You may pay the bills, drive the car, and clean the uniform, but does your athlete really know, beyond a shadow of a doubt, that you are in his corner?
We recently lost one of boxing’s greatest, Muhammad Ali. His name is known world-wide. But you’ve probably never heard of Angelo Dundee. Angelo was Ali’s cornerman for over two decades. He was the guy who supported and trained Ali from the corner of the rink, thus the title “cornerman.”
Does your child know that? Here are some very specific ways that you can act as your child’s cornerman:
Stay Out of the Fight
In the definition of cornerman, it says that he remains outside the combat area. Sports parents struggle to do that; they often cross over the line from parent to coach and thus enter the “combat zone.” They coach from the sidelines during the game and fight their child’s playing time battles. It’s easy for them to forget that their child is playing YOUTH sports.
Stay Close By
The cornerman definition also states that he remains close by in proximity. However, close proximity doesn’t mean pacing the sidelines or sitting through every practice. For sports parents, proximity means they are at as many games as possible, they show interest and support, and their kids know that mom and dad are their biggest advocate.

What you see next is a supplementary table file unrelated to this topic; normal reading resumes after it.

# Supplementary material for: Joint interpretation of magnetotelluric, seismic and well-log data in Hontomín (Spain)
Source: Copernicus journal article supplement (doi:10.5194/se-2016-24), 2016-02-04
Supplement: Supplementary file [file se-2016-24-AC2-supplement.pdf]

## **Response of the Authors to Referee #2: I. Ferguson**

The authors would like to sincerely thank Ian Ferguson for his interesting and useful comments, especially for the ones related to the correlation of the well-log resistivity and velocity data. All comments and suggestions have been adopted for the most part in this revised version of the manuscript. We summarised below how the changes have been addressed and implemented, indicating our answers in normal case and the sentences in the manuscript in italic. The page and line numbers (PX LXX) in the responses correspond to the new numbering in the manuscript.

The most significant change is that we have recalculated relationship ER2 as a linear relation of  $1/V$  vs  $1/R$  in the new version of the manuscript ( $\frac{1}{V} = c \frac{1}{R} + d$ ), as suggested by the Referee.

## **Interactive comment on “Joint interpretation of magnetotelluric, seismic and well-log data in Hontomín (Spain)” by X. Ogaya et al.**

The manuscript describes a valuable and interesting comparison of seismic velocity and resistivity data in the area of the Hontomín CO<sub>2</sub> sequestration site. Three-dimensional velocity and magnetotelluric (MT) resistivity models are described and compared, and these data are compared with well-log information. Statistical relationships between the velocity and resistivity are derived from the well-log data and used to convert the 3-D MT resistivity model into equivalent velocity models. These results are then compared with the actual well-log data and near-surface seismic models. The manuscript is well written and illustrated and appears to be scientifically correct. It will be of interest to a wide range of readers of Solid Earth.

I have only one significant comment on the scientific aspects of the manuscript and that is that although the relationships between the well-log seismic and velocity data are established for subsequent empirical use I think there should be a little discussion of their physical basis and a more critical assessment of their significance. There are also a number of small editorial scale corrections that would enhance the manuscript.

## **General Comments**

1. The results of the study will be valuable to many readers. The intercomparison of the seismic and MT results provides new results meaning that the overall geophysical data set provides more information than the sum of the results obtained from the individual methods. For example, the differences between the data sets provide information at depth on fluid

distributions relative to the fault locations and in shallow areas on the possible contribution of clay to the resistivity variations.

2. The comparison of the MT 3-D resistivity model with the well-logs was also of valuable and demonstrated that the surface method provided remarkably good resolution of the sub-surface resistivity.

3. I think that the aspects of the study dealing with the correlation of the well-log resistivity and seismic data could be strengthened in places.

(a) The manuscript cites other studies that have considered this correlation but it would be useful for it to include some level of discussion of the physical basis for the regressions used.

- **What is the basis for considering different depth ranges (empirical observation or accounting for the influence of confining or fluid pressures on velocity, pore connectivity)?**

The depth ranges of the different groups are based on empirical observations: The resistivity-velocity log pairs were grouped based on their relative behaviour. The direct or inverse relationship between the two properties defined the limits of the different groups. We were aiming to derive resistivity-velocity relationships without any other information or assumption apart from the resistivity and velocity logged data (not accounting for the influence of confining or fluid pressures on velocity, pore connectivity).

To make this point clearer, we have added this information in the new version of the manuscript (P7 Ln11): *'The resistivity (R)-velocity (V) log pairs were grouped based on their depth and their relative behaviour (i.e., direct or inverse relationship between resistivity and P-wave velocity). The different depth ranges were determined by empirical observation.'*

Cornermen are very protective of their fighters and they want to keep them from harm whenever possible. In fact, cornermen can throw in the towel and end the bout if their fighter’s taking excessive punishment and doesn’t appear to have a chance to win. Cornermen feel that it’s better to sacrifice a match than jeopardize a boxer’s future.
Provides for Athlete
A true cornerman also trains and coaches the boxer, so here is where the correlation between cornerman and sports parent doesn’t fit because it’s better if you are not the one doing the training and the coaching. I know there are many examples of parents who play that role, but for every good example, there are many more not-so-good stories of helicopter parents who insist on being in total control of their child’s training.
However, it is your job to see that your child gets what she needs–the coaching, the training, the opportunities, the equipment, etc. If you don’t insist on teaching your child how to read, write, do math, play the piano, or paint, then you don’t have to do it all in the sports arena either. Delegate the job to others who are more qualified.
You are also the one who needs to see that your child is getting proper nutrition and hydration. Start teaching them this when they are little, and by the time they are in middle-high school, they will hopefully understand how to take care of themselves.
Being in your child’s corner is the best way to support your athlete. Have you figured out how to strike the balance between hovering and total detachment? Trying being your child’s cornerman and I think you’ll find that balance.